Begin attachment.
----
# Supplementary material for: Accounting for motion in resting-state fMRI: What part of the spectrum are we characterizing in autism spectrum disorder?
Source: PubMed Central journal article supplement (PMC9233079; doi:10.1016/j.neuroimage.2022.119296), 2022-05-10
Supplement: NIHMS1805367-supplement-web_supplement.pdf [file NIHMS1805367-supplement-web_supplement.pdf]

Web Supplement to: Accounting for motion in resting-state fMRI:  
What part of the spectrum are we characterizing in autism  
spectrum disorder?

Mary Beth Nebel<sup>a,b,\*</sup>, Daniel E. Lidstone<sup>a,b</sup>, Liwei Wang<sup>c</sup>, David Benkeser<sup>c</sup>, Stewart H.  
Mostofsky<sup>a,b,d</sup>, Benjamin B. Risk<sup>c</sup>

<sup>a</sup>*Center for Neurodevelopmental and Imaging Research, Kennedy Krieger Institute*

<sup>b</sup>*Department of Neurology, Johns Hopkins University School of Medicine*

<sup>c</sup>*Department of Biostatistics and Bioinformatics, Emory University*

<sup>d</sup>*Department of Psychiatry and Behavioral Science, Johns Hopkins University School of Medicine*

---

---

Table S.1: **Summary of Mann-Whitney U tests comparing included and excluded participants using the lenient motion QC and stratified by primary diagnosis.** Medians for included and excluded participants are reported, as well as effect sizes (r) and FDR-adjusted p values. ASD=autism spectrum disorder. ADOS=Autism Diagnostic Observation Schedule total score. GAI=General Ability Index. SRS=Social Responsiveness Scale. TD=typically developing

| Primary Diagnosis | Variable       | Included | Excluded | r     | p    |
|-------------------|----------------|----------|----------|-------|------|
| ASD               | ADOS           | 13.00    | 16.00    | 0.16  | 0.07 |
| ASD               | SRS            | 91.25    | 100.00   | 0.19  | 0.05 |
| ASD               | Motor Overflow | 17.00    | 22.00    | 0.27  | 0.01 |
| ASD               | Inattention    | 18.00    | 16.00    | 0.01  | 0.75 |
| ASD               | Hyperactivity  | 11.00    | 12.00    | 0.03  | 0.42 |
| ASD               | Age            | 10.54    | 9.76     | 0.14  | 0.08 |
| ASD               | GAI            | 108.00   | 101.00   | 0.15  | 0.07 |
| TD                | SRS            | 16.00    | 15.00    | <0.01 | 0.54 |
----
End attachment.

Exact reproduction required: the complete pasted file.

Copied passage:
# Supplementary material for: Accounting for motion in resting-state fMRI: What part of the spectrum are we characterizing in autism spectrum disorder?
Source: PubMed Central journal article supplement (PMC9233079; doi:10.1016/j.neuroimage.2022.119296), 2022-05-10
Supplement: NIHMS1805367-supplement-web_supplement.pdf [file NIHMS1805367-supplement-web_supplement.pdf]

Web Supplement to: Accounting for motion in resting-state fMRI:  
What part of the spectrum are we characterizing in autism  
spectrum disorder?

Mary Beth Nebel<sup>a,b,\*</sup>, Daniel E. Lidstone<sup>a,b</sup>, Liwei Wang<sup>c</sup>, David Benkeser<sup>c</sup>, Stewart H.  
Mostofsky<sup>a,b,d</sup>, Benjamin B. Risk<sup>c</sup>

<sup>a</sup>*Center for Neurodevelopmental and Imaging Research, Kennedy Krieger Institute*

<sup>b</sup>*Department of Neurology, Johns Hopkins University School of Medicine*

<sup>c</sup>*Department of Biostatistics and Bioinformatics, Emory University*

<sup>d</sup>*Department of Psychiatry and Behavioral Science, Johns Hopkins University School of Medicine*

---

---

Table S.1: **Summary of Mann-Whitney U tests comparing included and excluded participants using the lenient motion QC and stratified by primary diagnosis.** Medians for included and excluded participants are reported, as well as effect sizes (r) and FDR-adjusted p values. ASD=autism spectrum disorder. ADOS=Autism Diagnostic Observation Schedule total score. GAI=General Ability Index. SRS=Social Responsiveness Scale. TD=typically developing

| Primary Diagnosis | Variable       | Included | Excluded | r     | p    |
|-------------------|----------------|----------|----------|-------|------|
| ASD               | ADOS           | 13.00    | 16.00    | 0.16  | 0.07 |
| ASD               | SRS            | 91.25    | 100.00   | 0.19  | 0.05 |
| ASD               | Motor Overflow | 17.00    | 22.00    | 0.27  | 0.01 |
| ASD               | Inattention    | 18.00    | 16.00    | 0.01  | 0.75 |
| ASD               | Hyperactivity  | 11.00    | 12.00    | 0.03  | 0.42 |
| ASD               | Age            | 10.54    | 9.76     | 0.14  | 0.08 |
| ASD               | GAI            | 108.00   | 101.00   | 0.15  | 0.07 |
| TD                | SRS            | 16.00    | 15.00    | <0.01 | 0.54 |